“But if the negotiation with O’Donnell does not come off as planned — well, we must retain an incentive to compel him to turn the oil over to us. And if we still have the power to deny his increasingly desperate men entry to France at that time, he will have an additional incentive to look with particular favor on any terms our representatives offer him.”

Du Barry nodded, then asked in a careful voice, “Would he not have an even greater incentive to comply if we already had his men in our camps, unarmed and vulnerable to our…displeasure?”

Turenne frowned. “I will go only so far, Du Barry. Leverage should not become synonymous with extortion, or kidnapping. I refuse to offer physical shelter to men that I actually intend to use as hostages. Let others play at such games: I shall not. I will keep my honor, my good name, and my soul, thank you. Besides, our agents in Brussels report that whispers about the Wild Geese’s possible departure en masse have fueled official concerns regarding their loyalty. Those concerns may be manifesting as even further constraints upon their provisioning. Furthermore, the commanders of the Spanish tercios are finding their Irish comrades increasingly worrisome and are pleading with Philip to remove them entirely.”

Turenne stood, poured a glass of wine as he outlined the logical endgame of the evolving political situation in the Spanish Lowlands. “Consequently, as the poverty of the Wild Geese increases, so will their desperation. Given another half year, they will all be clamoring to come to Amiens and we shall be happy to accept them, albeit at rates favorable to us. And the Earl of Tyrconnell, being a true, albeit young, father to his men, will not deny them that livelihood.”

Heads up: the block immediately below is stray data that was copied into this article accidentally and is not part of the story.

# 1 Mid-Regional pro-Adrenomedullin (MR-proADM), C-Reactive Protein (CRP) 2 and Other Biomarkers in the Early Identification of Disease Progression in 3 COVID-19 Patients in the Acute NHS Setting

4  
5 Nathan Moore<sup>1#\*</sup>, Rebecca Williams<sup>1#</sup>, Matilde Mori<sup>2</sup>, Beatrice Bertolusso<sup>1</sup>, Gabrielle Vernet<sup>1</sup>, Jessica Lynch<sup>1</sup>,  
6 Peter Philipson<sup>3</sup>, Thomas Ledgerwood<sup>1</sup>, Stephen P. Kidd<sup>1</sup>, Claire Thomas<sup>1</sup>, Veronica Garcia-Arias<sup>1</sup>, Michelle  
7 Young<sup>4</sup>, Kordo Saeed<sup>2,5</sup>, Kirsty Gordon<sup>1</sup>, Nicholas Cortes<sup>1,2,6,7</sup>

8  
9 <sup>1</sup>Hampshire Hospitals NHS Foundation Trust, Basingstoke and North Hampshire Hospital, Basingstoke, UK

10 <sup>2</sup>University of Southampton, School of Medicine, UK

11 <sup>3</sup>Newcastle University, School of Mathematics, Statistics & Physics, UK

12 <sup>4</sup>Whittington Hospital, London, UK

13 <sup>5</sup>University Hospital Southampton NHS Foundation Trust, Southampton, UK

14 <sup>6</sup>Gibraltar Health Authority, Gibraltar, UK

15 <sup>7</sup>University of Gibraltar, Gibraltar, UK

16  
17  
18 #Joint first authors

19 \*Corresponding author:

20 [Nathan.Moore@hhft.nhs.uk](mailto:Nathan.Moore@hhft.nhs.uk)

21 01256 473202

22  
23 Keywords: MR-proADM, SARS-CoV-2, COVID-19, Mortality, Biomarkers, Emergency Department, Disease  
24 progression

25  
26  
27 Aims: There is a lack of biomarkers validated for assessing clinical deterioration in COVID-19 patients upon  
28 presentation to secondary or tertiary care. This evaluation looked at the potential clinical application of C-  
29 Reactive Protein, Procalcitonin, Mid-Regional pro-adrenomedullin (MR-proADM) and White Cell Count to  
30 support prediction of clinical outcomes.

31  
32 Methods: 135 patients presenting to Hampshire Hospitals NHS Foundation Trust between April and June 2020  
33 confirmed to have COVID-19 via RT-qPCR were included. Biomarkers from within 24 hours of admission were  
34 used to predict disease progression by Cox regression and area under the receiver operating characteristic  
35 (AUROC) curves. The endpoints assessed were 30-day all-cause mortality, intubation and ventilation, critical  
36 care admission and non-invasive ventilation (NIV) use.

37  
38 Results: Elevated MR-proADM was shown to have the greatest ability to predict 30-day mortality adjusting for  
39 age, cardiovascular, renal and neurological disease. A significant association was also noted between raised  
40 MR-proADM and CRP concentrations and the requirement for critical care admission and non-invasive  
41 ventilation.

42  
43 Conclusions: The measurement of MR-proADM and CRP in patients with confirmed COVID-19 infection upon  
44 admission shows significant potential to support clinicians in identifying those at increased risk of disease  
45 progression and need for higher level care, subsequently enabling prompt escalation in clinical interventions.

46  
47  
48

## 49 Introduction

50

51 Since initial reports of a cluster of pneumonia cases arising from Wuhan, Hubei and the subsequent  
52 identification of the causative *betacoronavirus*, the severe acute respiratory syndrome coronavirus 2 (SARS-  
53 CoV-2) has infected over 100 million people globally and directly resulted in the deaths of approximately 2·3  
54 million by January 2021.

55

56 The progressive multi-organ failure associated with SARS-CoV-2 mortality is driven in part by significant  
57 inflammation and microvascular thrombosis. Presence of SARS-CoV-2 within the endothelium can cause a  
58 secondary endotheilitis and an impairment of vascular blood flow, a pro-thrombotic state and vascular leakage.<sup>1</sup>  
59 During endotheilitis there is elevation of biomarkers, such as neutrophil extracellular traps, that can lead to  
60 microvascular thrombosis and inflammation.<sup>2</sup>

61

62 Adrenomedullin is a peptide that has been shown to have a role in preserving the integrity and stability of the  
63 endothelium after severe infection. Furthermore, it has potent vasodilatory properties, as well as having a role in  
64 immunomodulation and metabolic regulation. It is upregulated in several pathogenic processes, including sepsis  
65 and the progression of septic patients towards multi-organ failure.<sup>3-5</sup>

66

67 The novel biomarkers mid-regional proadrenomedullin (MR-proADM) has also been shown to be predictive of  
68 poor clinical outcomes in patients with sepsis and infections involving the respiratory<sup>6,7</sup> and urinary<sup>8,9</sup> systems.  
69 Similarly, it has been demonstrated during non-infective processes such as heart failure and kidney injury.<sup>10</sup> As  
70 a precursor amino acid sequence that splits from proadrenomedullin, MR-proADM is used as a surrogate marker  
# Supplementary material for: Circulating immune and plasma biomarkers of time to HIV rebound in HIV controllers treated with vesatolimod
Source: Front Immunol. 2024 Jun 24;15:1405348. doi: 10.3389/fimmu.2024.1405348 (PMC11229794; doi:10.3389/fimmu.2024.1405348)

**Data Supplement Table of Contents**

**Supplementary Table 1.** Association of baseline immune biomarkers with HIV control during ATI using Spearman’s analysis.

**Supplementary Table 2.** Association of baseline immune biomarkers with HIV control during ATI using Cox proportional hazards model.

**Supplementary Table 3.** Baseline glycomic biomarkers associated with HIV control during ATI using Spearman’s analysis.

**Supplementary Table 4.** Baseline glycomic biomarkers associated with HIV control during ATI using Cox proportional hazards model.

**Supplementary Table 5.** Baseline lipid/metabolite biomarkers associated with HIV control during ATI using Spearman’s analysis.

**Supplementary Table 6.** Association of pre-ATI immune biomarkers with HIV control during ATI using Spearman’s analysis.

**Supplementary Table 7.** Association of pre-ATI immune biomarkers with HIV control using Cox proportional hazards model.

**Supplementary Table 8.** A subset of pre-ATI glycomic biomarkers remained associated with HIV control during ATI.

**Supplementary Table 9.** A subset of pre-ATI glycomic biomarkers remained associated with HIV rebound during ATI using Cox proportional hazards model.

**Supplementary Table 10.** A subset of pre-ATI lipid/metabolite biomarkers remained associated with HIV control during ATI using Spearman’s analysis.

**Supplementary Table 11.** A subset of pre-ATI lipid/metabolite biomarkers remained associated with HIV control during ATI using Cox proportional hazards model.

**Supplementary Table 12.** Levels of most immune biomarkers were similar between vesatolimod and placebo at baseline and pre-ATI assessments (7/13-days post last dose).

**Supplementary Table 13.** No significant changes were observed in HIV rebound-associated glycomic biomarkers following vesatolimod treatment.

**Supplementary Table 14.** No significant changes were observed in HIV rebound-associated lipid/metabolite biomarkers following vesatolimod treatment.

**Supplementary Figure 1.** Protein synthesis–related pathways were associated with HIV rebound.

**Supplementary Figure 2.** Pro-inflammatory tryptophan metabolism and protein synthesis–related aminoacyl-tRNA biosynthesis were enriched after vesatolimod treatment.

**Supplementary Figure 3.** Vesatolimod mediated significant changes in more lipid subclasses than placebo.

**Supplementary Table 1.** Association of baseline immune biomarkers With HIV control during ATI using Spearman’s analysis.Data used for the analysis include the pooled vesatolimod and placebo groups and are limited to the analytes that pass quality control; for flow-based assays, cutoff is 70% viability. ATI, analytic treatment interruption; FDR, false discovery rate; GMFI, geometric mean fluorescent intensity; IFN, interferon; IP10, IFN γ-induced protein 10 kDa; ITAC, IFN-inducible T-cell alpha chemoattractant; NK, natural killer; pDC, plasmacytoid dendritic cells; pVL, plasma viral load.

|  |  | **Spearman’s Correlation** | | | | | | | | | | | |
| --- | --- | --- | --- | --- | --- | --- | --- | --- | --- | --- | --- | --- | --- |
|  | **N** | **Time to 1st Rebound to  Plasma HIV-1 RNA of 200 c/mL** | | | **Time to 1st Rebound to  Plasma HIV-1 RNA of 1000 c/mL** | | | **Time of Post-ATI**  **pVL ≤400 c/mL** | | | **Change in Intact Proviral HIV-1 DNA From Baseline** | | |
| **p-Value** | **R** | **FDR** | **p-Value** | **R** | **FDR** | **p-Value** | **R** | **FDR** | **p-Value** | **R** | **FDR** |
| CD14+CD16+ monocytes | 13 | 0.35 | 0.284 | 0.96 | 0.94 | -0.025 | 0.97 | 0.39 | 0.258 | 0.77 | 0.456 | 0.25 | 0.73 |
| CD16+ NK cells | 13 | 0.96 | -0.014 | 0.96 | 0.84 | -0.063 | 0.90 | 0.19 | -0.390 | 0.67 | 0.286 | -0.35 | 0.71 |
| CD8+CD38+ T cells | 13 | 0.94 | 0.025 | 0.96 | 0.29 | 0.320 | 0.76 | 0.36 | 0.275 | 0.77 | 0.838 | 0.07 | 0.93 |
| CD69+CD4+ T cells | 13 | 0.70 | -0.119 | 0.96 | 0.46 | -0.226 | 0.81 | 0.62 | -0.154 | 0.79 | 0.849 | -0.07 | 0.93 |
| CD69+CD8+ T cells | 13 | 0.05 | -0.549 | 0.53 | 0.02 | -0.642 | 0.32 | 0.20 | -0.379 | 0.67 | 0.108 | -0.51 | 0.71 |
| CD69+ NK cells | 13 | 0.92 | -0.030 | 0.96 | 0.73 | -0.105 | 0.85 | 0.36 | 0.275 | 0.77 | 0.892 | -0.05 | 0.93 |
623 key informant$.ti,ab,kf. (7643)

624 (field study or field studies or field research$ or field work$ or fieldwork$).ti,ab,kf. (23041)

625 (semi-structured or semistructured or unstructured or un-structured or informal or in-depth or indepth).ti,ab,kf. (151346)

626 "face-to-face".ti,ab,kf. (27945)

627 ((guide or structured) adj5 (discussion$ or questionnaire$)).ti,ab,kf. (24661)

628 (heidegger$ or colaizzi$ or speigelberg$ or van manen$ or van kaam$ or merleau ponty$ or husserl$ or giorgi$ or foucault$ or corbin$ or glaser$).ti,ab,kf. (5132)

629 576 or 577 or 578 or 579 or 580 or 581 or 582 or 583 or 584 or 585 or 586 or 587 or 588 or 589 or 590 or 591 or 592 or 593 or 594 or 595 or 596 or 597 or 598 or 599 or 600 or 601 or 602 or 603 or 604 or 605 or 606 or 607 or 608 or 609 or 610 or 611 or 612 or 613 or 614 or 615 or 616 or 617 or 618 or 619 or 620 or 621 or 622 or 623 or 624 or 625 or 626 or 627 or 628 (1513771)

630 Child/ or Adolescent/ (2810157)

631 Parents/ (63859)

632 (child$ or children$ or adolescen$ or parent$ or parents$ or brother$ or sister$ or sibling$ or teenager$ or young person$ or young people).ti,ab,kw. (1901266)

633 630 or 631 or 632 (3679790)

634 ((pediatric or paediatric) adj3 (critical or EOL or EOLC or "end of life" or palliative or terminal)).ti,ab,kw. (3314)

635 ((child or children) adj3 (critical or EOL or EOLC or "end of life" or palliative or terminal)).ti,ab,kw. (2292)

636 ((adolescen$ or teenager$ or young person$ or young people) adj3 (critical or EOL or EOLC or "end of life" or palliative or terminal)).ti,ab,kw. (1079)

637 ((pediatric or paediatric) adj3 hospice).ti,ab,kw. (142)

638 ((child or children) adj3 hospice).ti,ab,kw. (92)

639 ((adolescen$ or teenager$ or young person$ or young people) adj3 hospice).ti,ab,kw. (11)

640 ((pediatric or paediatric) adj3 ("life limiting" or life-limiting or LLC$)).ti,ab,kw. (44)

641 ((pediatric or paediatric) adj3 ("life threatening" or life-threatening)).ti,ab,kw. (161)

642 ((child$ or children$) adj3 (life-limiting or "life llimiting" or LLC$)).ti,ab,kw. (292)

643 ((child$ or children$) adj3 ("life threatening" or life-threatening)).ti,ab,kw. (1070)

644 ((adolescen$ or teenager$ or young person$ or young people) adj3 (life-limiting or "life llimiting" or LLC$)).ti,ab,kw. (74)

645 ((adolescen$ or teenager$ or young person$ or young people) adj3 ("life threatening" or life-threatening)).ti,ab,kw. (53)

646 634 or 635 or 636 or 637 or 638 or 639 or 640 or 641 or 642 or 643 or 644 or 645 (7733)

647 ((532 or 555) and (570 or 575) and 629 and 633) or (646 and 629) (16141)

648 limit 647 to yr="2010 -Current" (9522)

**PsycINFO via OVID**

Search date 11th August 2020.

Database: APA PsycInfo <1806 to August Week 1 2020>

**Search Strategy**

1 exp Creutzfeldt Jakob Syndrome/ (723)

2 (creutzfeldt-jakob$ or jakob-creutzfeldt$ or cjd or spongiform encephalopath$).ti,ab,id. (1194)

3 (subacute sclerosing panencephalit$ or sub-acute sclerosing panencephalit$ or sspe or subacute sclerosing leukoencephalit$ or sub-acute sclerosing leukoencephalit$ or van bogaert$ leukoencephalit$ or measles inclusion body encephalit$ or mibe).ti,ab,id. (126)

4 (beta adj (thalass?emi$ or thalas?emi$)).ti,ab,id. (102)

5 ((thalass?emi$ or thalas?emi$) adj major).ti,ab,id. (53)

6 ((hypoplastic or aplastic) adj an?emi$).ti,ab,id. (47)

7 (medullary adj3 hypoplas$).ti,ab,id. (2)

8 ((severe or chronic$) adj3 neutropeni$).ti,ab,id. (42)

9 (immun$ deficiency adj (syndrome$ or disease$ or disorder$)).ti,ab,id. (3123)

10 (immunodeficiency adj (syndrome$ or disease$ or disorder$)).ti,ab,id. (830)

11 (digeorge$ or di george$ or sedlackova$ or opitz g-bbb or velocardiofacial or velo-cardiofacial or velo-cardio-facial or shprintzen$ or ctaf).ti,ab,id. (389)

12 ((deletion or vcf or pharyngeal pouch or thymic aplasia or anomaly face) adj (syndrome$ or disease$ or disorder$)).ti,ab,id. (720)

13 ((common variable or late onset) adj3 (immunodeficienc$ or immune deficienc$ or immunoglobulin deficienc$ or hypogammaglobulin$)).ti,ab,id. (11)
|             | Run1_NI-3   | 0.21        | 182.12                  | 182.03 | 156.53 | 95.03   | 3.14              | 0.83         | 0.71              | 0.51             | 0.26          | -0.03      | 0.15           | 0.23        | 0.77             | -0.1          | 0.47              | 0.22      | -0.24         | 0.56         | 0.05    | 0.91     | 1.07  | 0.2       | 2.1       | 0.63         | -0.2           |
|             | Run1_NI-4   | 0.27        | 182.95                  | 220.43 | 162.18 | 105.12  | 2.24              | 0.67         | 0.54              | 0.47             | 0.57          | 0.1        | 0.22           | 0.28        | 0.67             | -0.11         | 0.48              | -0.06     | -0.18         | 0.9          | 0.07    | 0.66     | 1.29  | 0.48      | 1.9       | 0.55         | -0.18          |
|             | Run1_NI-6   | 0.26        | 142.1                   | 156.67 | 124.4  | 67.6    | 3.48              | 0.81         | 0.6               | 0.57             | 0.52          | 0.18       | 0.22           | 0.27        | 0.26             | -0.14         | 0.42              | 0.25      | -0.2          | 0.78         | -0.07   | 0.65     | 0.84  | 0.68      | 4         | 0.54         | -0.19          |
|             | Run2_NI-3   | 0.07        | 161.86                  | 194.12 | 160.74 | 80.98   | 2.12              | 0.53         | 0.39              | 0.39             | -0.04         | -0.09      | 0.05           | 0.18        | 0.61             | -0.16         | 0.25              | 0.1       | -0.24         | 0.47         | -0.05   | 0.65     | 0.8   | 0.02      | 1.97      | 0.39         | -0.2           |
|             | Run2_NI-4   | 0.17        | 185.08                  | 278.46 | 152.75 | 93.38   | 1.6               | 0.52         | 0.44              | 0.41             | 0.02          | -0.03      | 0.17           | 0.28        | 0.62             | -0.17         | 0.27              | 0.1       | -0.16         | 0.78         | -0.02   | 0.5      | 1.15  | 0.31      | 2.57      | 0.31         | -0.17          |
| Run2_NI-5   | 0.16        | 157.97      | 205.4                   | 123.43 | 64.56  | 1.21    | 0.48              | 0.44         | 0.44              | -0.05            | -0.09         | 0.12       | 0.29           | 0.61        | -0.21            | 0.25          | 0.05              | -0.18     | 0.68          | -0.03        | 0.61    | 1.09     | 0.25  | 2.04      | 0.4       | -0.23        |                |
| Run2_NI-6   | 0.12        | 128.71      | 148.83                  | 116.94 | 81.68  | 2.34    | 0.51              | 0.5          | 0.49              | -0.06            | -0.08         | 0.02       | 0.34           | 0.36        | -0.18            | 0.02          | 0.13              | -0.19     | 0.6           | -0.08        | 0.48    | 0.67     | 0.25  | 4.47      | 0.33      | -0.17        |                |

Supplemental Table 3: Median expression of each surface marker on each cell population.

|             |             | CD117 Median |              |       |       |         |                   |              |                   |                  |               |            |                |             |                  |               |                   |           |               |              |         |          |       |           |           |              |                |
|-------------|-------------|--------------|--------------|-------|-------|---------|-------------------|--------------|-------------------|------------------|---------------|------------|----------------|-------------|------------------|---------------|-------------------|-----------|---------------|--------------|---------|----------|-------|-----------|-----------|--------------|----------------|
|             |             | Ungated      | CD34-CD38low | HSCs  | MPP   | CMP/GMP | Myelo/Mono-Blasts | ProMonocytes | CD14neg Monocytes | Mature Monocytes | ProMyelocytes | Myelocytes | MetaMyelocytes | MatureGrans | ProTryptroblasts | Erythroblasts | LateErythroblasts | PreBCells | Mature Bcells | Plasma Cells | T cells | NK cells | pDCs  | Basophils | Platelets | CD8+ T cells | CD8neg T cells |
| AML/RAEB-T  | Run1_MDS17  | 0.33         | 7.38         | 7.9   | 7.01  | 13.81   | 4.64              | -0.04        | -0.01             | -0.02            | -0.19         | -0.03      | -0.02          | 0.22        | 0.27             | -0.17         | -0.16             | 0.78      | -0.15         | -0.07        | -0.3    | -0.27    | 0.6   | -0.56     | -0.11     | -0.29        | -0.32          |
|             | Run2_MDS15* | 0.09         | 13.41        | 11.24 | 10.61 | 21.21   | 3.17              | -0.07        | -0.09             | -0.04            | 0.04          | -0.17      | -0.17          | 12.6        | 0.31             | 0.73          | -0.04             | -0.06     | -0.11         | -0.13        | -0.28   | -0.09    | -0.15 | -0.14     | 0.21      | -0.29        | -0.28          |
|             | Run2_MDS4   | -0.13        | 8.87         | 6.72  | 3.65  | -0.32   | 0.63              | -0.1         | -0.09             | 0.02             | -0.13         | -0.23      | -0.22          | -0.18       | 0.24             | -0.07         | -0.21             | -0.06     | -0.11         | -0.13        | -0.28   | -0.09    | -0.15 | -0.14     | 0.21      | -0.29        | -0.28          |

Du Barry edged closer. Turenne took the hint and poured out a second glass with an apologetic smile. “Do not worry, Du Barry, matters are in hand.”

Du Barry took the glass, raised it slightly in Turenne’s direction. “I toast the assured success of your plans, my lord, for they are so well-crafted as to need no invocation of luck.”

Turenne halted his glass’ progress to his lips. “Plans always need invocations of luck, Du Barry. For we can only be sure of one thing in this world: that we may be sure of nothing in this world. A thousand foreseeable or unforeseeable things could go wrong. But this much we know, for we have seen it with our own eyes: France has a workable observation balloon, now. But the rest, this quest for New World oil?” Now Turenne sipped. “I avoid overconfidence at all times, my dear Du Barry, for I am not one to snub fate. Lest it should decide to snub me in return.”